Find the largest integer which divides every member of the following sequence: 1^5-1, 2^5-2, 3^5-3, ... n^5-n.
Take a complicated fraction with the product of five quartics top and bottom and reduce this to a whole number. This is a numerical example involving some clever algebra.
Can you work through these direct proofs, using our interactive proof sorters?
Show that x = 1 is a solution of the equation x^(3/2) - 8x^(-3/2) = 7 and find all other solutions.
This is an interactivity in which you have to sort the steps in the completion of the square into the correct order to prove the formula for the solutions of quadratic equations.
This is the second article on right-angled triangles whose edge lengths are whole numbers.
Follow the hints and prove Pick's Theorem.
The first of two articles on Pythagorean Triples which asks how many right angled triangles can you find with the lengths of each side exactly a whole number measurement. Try it!
This article extends the discussions in "Whole number dynamics I". Continuing the proof that, for all starting points, the Happy Number sequence goes into a loop or homes in on a fixed point.
In this third of five articles we prove that whatever whole number we start with for the Happy Number sequence we will always end up with some set of numbers being repeated over and over again.
The final of five articles which containe the proof of why the sequence introduced in article IV either reaches the fixed point 0 or the sequence enters a repeating cycle of four values.
Start with any whole number N, write N as a multiple of 10 plus a remainder R and produce a new whole number N'. Repeat. What happens?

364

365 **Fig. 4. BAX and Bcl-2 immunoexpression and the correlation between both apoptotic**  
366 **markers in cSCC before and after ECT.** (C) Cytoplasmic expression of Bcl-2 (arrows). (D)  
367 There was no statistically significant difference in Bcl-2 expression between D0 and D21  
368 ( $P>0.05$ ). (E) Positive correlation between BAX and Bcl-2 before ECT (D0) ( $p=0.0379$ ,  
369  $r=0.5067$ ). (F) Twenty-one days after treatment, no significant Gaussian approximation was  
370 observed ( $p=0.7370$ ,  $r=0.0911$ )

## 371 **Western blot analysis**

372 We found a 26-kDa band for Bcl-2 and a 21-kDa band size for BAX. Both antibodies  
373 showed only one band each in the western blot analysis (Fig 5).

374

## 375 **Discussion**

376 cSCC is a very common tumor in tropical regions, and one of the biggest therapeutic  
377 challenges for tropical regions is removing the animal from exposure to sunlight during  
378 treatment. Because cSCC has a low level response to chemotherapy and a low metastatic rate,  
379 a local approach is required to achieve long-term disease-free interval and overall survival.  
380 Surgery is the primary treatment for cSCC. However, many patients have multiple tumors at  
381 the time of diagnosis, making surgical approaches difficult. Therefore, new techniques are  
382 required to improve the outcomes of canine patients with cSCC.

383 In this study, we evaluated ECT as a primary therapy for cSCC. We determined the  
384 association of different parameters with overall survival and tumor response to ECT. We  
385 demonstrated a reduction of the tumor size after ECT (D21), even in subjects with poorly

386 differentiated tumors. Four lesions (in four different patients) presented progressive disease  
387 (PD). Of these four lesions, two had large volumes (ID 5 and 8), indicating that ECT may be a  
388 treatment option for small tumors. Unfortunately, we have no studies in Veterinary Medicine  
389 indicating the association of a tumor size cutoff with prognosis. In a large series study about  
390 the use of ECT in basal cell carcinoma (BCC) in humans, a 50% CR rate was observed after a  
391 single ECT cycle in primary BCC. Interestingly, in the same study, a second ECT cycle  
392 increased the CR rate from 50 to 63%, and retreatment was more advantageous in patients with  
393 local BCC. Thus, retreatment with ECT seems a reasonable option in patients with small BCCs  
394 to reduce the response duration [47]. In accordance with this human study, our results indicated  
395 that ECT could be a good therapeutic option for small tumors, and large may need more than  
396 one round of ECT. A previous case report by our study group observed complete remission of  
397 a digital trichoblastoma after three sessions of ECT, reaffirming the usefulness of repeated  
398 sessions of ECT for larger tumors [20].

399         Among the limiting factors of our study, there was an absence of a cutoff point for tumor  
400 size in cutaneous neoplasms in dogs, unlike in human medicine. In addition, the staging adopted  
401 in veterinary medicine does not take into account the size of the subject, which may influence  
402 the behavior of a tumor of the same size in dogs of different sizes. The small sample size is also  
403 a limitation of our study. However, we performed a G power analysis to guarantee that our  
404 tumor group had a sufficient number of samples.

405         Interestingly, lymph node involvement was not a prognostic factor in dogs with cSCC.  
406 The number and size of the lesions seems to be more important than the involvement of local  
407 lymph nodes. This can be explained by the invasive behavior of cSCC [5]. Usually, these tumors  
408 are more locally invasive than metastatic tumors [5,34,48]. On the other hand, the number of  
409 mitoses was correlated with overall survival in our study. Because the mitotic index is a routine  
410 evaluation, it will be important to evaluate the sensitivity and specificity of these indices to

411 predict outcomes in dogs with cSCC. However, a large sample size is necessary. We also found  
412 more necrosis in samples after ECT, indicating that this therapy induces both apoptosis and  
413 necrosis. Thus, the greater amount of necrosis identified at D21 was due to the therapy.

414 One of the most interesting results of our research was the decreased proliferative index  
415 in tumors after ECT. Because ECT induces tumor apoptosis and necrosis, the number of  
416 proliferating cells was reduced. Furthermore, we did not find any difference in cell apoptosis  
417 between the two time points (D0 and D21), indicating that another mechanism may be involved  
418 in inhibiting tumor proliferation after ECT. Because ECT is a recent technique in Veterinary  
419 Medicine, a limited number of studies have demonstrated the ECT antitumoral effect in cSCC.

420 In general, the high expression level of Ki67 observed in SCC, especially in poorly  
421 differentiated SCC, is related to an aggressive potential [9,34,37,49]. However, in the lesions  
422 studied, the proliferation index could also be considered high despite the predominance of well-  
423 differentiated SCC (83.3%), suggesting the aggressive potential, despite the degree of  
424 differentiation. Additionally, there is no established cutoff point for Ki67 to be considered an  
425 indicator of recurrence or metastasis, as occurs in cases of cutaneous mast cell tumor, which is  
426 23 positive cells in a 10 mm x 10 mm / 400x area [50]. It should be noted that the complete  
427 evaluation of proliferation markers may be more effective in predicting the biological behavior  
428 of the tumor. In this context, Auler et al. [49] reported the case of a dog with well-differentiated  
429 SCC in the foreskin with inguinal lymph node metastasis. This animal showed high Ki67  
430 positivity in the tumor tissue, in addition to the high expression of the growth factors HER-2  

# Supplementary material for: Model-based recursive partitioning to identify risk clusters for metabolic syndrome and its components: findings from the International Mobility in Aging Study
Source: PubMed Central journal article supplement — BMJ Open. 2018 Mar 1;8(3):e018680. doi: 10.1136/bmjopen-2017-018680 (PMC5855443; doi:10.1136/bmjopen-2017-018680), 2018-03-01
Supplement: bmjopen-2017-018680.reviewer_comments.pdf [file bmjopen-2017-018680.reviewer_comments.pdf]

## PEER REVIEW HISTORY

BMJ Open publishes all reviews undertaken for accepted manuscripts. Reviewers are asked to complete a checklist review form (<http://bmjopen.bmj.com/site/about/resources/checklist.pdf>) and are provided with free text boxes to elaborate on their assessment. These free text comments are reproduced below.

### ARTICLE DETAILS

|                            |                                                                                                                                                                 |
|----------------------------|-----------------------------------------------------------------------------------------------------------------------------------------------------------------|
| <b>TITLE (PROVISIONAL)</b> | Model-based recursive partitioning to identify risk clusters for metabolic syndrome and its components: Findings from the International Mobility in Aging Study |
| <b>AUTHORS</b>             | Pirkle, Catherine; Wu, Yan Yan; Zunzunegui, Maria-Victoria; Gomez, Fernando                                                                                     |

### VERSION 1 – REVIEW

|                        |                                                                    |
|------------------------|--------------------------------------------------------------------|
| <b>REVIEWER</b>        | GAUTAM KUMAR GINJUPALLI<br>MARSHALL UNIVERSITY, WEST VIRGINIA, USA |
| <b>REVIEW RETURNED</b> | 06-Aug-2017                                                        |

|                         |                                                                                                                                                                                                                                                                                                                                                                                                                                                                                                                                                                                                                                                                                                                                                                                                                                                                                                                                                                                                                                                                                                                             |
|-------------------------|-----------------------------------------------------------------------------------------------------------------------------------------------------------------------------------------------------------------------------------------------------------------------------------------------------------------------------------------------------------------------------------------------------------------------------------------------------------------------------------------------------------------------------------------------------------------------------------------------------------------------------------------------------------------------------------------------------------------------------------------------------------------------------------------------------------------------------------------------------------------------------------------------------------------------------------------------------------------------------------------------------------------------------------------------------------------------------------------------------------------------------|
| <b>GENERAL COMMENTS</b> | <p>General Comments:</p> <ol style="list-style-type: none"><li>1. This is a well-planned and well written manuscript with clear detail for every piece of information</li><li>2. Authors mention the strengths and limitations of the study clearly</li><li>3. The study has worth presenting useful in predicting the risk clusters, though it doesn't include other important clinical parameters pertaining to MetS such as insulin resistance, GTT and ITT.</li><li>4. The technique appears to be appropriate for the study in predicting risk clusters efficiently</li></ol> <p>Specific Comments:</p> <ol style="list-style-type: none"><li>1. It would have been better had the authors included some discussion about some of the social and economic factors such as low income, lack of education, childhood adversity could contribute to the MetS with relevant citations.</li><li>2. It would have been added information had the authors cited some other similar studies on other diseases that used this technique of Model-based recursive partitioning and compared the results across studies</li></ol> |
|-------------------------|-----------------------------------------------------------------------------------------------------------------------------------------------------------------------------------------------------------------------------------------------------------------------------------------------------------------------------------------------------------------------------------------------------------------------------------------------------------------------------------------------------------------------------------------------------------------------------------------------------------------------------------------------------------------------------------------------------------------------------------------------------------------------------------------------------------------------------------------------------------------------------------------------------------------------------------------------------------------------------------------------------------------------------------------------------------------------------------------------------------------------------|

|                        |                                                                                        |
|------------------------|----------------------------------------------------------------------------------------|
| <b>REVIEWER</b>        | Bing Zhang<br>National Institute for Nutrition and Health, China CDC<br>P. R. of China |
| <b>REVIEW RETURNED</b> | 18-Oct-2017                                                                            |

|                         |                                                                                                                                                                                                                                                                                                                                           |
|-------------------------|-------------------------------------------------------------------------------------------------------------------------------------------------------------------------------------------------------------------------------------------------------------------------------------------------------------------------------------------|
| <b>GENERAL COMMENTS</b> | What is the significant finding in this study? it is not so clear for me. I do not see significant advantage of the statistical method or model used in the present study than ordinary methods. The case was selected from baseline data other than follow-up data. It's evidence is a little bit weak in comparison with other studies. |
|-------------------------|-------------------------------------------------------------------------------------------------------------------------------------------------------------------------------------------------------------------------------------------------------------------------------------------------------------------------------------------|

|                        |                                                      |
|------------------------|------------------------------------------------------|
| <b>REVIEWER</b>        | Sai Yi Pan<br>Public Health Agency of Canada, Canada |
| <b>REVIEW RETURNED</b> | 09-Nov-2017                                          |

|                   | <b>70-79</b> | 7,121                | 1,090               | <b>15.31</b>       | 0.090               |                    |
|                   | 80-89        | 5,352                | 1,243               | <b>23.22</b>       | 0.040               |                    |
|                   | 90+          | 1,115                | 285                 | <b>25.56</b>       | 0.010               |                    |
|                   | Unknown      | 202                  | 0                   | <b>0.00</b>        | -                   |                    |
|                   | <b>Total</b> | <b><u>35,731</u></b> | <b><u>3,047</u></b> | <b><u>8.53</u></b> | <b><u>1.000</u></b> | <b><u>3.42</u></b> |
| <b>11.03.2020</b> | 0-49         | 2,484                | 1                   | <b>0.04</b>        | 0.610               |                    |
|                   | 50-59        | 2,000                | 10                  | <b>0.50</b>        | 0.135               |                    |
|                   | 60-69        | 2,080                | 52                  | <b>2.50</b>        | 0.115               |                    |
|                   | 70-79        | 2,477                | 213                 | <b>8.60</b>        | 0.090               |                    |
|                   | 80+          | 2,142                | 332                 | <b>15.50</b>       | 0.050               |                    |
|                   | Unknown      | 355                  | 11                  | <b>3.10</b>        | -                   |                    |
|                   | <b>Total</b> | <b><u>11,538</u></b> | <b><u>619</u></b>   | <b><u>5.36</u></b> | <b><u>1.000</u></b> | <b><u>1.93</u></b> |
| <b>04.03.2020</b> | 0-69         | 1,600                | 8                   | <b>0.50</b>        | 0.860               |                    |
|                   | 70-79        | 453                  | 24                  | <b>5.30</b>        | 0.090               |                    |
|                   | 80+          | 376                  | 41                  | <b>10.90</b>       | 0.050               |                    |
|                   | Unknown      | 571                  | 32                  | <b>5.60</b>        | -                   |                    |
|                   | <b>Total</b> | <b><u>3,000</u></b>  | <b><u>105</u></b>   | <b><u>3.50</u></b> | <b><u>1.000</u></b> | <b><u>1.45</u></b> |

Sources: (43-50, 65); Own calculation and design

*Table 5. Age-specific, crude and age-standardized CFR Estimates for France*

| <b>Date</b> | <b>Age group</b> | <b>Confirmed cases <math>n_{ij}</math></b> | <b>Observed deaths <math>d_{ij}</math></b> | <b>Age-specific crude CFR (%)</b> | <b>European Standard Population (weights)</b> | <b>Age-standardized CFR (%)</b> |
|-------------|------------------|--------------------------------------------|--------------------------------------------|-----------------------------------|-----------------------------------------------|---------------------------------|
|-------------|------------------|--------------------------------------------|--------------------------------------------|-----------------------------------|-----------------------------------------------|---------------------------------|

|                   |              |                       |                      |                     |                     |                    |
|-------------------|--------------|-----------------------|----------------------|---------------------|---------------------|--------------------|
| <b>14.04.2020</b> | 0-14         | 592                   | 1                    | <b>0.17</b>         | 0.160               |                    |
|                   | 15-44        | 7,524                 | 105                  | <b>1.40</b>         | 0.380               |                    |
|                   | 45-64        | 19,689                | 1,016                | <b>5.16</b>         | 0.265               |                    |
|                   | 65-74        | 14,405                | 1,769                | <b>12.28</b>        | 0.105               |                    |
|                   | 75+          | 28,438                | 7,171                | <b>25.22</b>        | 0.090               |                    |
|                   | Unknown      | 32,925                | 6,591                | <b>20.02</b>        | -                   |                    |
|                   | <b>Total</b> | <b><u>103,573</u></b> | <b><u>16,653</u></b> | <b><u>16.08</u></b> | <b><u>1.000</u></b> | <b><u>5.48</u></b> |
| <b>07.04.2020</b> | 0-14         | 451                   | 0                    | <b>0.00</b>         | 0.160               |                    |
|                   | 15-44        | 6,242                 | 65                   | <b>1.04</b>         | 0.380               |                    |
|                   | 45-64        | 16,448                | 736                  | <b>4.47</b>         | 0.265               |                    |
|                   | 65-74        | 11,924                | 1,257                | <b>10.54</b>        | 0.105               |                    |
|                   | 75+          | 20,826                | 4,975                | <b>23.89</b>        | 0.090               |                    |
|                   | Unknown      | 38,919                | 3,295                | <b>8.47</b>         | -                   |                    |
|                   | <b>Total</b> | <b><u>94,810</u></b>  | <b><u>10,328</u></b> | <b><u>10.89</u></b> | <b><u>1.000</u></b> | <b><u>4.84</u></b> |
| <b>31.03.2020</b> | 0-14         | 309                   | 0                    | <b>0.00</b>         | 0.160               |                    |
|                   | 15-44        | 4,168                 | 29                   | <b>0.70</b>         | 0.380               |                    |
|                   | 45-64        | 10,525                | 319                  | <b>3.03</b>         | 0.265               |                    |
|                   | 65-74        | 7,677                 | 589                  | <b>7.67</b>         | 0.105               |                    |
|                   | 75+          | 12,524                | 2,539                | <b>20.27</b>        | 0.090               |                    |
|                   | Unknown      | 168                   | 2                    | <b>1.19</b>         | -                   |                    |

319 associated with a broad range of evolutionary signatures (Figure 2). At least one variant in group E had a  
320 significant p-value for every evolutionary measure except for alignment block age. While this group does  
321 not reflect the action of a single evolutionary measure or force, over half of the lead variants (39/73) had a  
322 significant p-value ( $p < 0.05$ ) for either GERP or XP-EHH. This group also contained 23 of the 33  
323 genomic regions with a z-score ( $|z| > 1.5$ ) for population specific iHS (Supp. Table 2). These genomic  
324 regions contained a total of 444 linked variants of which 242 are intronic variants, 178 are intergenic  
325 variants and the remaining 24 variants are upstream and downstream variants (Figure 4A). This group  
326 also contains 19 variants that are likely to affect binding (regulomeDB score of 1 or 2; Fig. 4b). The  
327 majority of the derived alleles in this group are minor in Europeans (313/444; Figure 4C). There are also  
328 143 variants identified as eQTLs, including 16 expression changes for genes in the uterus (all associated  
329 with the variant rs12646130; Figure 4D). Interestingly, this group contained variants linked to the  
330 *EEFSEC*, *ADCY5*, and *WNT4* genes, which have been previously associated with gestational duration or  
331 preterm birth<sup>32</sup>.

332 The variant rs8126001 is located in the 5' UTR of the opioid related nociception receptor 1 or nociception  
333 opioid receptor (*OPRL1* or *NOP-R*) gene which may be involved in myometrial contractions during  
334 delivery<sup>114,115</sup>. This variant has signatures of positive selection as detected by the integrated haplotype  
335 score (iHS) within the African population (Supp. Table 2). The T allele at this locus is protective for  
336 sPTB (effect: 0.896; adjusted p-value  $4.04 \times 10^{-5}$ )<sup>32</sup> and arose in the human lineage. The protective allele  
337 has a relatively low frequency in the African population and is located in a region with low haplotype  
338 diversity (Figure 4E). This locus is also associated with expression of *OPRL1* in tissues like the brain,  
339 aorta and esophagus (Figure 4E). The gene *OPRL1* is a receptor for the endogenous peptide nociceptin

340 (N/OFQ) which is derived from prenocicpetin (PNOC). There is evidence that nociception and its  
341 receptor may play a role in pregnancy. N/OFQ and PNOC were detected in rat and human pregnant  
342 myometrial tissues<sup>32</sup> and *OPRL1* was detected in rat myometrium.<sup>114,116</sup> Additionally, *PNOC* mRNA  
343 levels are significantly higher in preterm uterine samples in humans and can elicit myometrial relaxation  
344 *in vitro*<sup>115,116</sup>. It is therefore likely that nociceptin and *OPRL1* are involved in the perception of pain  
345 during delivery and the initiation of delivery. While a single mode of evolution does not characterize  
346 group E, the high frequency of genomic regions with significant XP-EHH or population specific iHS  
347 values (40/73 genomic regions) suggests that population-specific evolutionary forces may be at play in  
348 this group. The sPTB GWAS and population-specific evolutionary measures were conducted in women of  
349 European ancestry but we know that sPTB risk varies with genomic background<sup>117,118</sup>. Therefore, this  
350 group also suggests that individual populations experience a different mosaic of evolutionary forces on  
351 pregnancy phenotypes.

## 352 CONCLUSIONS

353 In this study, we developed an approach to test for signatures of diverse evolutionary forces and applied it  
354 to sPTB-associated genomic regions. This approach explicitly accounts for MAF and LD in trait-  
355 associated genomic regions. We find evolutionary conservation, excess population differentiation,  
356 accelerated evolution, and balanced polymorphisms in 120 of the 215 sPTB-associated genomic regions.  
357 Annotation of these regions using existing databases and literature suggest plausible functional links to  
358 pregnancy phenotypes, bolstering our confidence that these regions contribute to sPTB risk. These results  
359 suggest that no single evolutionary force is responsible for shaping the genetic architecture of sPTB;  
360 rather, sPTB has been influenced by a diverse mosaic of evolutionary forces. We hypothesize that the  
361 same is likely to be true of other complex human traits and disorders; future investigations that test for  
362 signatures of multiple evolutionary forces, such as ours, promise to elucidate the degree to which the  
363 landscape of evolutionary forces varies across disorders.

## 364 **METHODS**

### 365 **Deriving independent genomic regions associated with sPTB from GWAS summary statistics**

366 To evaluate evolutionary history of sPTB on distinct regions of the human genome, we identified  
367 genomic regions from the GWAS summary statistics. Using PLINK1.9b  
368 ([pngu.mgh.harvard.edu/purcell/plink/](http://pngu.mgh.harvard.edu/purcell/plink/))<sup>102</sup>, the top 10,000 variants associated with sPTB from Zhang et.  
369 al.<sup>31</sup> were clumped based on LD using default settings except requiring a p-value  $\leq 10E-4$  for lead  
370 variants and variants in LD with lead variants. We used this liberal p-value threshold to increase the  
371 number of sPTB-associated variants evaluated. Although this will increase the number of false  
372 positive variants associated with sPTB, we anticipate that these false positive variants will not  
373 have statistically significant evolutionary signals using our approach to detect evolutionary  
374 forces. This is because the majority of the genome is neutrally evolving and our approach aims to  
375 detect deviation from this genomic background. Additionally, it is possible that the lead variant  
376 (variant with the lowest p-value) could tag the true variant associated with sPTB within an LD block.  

Find all positive integers a and b for which the two equations: x^2-ax+b = 0 and x^2-bx+a = 0 both have positive integer solutions.
To find the integral of a polynomial, evaluate it at some special points and add multiples of these values.
Janine noticed, while studying some cube numbers, that if you take three consecutive whole numbers and multiply them together and then add the middle number of the three, you get the middle number. . . .
Is the mean of the squares of two numbers greater than, or less than, the square of their means?
By considering powers of (1+x), show that the sum of the squares of the binomial coefficients from 0 to n is 2nCn
What can you say about the lengths of the sides of a quadrilateral whose vertices are on a unit circle?
Can you find the areas of the trapezia in this sequence?
Show that if you add 1 to the product of four consecutive numbers the answer is ALWAYS a perfect square.
Professor Korner has generously supported school mathematics for more than 30 years and has been a good friend to NRICH since it started.
Given any two polynomials in a single variable it is always possible to eliminate the variable and obtain a formula showing the relationship between the two polynomials. Try this one.
Take a number, add its digits then multiply the digits together, then multiply these two results. If you get the same number it is an SP number.
Can you invert the logic to prove these statements?